Online resources

www.suzuki-forums.com: This site has two sections dedicated to these little trucks. One is for four-door models powered by the 2.0-litre, 2.5-litre and 2.7-litre engines and the other for two-door models with the 1.6-litre engine. SuzukiForums.com caters to owners around the world too, covering trucks sold overseas with different names and powertrains than those available in North America. Much of the information is universal, though. There are just over 5,000 members here, which is low for a site designed to appeal to a worldwide audience, but not bad considering Suzuki’s relatively low sales volumes.


Transport Canada Recall Number: 2004313; Units affected: 20,322

1999-2003: On certain vehicles, under ambient temperatures below -25 degrees Celsius, moisture can freeze in the fuel pressure regulator. As a result, fuel system pressure may increase at the time of engine start up, causing fuel loss at the fuel pipe/fuel hose connection. Fuel loss in the presence of an ignition source could result in a fire. Correction: For 1999-2000 model year vehicles, dealers will (1) replace the fuel pressure regulator & vacuum hose and change the system routing to accommodate use of a higher surge tank attachment location that will prevent water from being sucked into the fuel pressure regulator, and (2) replace the fuel delivery hose and replace the hose clamp with an improved clamp. For 2001 and later model year vehicles, dealers will only replace the fuel pressure regulator & vacuum hose and change the system routing as described above. Note: This recall supersedes recall 01-032.

Transport Canada Recall Number: 2003320; Units affected: 20,676

1999-2004: On certain vehicles, the accelerator cable casing cap that is attached to the firewall can crack due to extended exposure to forces from the accelerator cable and insufficient long-term durability of the plastic casing cap. If the casing cap becomes cracked, movement of the inner accelerator cable through the cap can cause the inner accelerator cable to become frayed. If the inner accelerator cable becomes frayed, it can stick during vehicle operation. Correction: Dealer will replace the accelerator cable assembly.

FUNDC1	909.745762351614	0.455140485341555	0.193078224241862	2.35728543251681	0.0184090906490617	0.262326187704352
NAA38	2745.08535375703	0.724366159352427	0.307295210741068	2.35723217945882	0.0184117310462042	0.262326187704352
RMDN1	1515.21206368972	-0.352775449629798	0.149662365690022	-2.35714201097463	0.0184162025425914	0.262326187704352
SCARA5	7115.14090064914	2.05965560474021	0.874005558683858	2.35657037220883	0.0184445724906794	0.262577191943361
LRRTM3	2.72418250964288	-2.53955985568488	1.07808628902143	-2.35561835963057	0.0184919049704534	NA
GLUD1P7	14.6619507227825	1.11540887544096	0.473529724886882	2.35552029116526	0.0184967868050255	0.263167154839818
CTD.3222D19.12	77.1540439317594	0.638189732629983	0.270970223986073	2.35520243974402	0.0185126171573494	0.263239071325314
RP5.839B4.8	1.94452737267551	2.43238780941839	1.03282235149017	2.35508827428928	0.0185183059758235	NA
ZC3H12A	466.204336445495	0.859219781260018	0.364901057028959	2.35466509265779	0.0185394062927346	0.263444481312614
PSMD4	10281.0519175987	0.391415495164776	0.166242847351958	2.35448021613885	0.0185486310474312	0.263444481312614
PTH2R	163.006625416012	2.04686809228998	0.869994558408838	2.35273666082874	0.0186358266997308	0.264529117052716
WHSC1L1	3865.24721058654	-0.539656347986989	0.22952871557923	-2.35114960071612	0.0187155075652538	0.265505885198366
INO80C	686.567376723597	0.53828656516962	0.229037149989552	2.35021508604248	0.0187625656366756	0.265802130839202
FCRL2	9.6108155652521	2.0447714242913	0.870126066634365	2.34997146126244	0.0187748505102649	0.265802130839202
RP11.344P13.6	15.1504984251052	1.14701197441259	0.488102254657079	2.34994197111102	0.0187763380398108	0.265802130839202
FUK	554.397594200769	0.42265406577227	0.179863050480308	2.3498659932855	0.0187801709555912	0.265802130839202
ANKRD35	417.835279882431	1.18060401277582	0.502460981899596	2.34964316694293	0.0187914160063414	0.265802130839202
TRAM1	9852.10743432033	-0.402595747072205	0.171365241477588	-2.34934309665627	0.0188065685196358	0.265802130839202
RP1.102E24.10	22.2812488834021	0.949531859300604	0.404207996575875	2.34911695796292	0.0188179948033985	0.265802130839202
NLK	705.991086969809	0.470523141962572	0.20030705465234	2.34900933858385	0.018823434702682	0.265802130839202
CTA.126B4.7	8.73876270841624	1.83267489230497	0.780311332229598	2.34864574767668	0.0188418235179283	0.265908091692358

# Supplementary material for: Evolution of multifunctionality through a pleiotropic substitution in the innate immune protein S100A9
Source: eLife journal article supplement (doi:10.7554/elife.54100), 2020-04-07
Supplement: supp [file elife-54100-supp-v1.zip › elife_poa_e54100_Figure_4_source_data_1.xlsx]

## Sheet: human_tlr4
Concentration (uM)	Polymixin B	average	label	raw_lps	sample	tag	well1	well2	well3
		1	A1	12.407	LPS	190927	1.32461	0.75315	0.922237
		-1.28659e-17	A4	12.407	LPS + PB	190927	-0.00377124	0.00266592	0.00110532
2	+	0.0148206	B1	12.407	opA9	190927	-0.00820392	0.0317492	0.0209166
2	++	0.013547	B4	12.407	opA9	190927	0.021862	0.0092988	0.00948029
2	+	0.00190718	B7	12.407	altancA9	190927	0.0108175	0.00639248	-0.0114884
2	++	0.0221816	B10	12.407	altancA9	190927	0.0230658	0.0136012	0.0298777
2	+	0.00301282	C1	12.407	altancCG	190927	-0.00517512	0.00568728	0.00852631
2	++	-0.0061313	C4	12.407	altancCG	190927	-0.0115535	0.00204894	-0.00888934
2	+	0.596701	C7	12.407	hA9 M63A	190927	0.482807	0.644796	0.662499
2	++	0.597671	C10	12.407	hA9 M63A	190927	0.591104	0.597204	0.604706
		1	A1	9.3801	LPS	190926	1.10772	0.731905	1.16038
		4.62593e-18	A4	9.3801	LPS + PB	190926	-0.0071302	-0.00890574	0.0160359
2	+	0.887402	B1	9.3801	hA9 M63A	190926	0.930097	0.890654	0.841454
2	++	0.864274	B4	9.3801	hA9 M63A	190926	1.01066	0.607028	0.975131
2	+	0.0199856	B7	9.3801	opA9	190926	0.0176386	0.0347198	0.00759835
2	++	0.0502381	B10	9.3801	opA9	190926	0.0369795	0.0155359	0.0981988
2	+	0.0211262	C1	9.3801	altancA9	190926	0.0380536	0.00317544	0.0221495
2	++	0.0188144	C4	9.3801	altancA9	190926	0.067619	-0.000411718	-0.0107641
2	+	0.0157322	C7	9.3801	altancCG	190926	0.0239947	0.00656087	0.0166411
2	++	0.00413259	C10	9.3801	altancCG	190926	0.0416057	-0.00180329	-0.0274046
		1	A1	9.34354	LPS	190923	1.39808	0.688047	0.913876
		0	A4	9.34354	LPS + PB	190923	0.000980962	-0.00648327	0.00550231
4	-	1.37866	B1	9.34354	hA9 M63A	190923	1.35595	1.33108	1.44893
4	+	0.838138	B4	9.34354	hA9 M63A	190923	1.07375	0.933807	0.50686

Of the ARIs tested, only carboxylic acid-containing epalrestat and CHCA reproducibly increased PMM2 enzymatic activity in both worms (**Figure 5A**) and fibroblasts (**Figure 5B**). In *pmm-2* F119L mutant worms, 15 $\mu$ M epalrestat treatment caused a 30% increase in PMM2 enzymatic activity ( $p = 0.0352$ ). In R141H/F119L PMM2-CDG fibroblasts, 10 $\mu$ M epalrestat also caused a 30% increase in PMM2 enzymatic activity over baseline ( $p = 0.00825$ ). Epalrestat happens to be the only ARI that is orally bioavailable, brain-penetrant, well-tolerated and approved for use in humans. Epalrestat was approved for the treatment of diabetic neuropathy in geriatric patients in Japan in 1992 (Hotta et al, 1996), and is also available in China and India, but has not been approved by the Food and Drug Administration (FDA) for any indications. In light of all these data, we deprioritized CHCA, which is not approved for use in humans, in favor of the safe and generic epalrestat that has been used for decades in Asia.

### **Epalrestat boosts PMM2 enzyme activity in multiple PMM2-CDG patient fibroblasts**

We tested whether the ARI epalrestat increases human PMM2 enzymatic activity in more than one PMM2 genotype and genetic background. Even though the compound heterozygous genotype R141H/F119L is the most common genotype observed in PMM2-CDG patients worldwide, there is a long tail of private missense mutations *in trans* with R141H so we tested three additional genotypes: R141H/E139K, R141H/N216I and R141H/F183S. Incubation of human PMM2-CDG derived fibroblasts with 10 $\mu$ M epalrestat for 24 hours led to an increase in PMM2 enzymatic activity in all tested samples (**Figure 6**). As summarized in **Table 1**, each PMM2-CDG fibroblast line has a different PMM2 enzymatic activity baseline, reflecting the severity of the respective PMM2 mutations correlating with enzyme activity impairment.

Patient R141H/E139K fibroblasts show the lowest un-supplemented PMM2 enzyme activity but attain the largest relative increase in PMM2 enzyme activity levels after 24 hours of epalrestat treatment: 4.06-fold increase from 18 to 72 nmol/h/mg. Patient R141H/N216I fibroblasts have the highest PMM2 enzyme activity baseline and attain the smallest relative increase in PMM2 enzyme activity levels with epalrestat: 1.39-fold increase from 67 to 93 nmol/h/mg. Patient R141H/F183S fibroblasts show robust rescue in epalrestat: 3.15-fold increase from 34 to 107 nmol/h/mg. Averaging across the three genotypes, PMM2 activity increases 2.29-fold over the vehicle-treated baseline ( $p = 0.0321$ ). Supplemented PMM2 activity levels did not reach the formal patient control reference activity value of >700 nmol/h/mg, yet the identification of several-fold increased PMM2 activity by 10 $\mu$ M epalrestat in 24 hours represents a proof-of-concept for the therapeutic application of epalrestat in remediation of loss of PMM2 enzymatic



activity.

Transport Canada Recall Number: 2000190; Units affected: 9,392

1999-2000: Certain vehicles do not comply with Regulation 6 – Statement of Compliance. The abbreviation “GAWR” on the Compliance Label was recorded in error as “GVWR”. Correction: No action will be taken since this poses no risk to motor vehicle safety. The front and rear axle ratings adjacent to these abbreviations are correct and conspicuous.

Transport Canada Recall Number: 2001066; Units affected: 1,678

2001: Certain vehicles do not comply with the requirements of CMVSS 120 – Tire Selection and Rims for Vehicles other than Passenger Cars. The presentation of some of the information on the tire information label deviates from the format set forth in the standard and the label may not be permanently affixed as required. Correction: Tire information label will be replaced on affected vehicles.

Transport Canada Recall Number: 2003155; Units affected: 867